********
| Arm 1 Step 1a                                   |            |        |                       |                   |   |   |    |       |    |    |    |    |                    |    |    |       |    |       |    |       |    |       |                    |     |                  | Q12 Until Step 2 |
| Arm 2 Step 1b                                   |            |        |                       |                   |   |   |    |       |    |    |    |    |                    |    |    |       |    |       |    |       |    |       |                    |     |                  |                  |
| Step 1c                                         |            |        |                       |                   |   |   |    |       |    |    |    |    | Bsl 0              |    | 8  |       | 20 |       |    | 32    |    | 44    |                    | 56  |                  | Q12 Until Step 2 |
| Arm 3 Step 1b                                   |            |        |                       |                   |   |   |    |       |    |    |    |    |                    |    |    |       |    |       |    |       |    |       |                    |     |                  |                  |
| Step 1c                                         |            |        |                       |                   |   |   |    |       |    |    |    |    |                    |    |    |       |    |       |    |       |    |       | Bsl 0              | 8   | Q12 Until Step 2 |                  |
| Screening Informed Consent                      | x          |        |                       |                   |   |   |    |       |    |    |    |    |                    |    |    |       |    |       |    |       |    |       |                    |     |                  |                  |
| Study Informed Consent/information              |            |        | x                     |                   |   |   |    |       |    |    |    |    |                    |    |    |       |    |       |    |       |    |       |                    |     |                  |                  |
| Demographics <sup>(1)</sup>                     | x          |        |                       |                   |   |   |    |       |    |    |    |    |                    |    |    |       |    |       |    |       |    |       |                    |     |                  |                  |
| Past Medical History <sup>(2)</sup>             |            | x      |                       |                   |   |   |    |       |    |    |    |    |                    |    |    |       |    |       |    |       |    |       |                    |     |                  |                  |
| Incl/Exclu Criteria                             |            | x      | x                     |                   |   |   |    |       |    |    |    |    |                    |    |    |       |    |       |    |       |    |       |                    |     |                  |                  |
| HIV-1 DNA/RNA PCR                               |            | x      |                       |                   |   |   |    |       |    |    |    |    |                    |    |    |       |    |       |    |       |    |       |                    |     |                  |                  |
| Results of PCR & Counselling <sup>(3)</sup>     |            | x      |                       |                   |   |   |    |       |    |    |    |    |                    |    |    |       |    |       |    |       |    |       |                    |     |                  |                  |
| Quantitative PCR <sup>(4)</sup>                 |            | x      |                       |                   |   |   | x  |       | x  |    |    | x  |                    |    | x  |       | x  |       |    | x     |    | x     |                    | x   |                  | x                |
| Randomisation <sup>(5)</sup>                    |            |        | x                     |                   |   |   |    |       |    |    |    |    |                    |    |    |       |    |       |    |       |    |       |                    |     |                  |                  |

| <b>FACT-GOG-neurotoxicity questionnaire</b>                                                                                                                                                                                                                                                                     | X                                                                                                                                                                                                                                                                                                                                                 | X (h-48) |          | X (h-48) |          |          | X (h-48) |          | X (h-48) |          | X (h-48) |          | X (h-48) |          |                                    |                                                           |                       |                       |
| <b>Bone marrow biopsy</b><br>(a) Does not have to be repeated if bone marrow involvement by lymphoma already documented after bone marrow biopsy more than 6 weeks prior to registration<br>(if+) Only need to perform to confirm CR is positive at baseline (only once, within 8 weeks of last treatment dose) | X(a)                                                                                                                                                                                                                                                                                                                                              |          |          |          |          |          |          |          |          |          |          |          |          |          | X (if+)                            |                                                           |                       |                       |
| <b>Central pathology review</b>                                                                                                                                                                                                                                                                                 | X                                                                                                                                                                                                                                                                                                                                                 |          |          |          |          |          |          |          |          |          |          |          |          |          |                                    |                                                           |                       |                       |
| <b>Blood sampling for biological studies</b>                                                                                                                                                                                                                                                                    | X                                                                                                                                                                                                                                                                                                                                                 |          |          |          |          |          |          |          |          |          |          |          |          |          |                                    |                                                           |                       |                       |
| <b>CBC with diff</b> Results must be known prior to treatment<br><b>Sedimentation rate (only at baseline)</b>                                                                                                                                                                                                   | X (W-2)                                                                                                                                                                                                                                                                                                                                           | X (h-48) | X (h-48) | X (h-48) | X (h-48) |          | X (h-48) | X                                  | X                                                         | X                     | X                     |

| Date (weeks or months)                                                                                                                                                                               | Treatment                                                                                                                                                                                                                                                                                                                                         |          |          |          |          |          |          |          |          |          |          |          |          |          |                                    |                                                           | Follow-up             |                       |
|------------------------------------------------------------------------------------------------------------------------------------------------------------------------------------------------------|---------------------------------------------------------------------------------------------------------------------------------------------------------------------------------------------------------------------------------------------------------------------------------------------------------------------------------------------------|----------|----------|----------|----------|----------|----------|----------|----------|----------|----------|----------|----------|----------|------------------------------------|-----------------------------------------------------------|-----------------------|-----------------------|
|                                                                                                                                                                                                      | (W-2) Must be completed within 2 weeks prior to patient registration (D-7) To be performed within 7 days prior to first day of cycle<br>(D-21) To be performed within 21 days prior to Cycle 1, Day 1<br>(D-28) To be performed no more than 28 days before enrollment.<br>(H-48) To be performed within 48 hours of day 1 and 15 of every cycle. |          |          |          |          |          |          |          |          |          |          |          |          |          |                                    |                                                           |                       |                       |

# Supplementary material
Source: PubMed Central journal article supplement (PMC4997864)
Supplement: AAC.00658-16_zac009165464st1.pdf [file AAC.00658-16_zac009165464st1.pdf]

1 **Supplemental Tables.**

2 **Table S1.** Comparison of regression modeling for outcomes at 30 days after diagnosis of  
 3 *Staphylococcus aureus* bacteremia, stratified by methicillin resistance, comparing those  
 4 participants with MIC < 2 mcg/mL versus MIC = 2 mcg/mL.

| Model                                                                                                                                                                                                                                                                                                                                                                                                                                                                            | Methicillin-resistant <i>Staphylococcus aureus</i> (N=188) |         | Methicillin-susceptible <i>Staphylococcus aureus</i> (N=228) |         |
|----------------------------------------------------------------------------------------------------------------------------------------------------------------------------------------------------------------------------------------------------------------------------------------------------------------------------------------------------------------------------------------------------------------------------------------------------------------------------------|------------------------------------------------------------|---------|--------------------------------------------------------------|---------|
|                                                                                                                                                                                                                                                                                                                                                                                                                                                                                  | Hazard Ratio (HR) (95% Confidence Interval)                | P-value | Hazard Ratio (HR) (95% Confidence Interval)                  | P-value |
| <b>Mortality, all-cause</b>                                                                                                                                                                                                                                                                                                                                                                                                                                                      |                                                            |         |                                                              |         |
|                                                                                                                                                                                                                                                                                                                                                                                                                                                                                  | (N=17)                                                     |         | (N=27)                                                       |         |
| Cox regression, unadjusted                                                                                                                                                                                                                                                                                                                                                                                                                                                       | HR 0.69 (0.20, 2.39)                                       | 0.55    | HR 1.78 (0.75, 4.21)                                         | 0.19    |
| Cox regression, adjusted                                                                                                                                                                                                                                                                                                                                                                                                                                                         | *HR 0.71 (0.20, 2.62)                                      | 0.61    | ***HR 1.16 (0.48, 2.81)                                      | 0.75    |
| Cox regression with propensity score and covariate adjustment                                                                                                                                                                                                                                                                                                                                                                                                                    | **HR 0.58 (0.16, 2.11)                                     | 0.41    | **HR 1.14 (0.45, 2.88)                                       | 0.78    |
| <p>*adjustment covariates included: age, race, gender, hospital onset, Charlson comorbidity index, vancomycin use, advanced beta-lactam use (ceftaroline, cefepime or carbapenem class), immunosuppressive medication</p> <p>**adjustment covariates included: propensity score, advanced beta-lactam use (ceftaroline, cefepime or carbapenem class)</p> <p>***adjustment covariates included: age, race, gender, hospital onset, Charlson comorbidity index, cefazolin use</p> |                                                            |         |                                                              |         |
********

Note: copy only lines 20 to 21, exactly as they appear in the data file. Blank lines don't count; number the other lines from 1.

| Date (weeks or months)                                                                                                                                                                               | Treatment                                                                                                                                                                                                                                                                                                                                         |          |          |          |          |          |          |          |          |          |          |          |          |          |                                    |                                                           | Follow-up             |                       |
|------------------------------------------------------------------------------------------------------------------------------------------------------------------------------------------------------|---------------------------------------------------------------------------------------------------------------------------------------------------------------------------------------------------------------------------------------------------------------------------------------------------------------------------------------------------|----------|----------|----------|----------|----------|----------|----------|----------|----------|----------|----------|----------|----------|------------------------------------|-----------------------------------------------------------|-----------------------|-----------------------|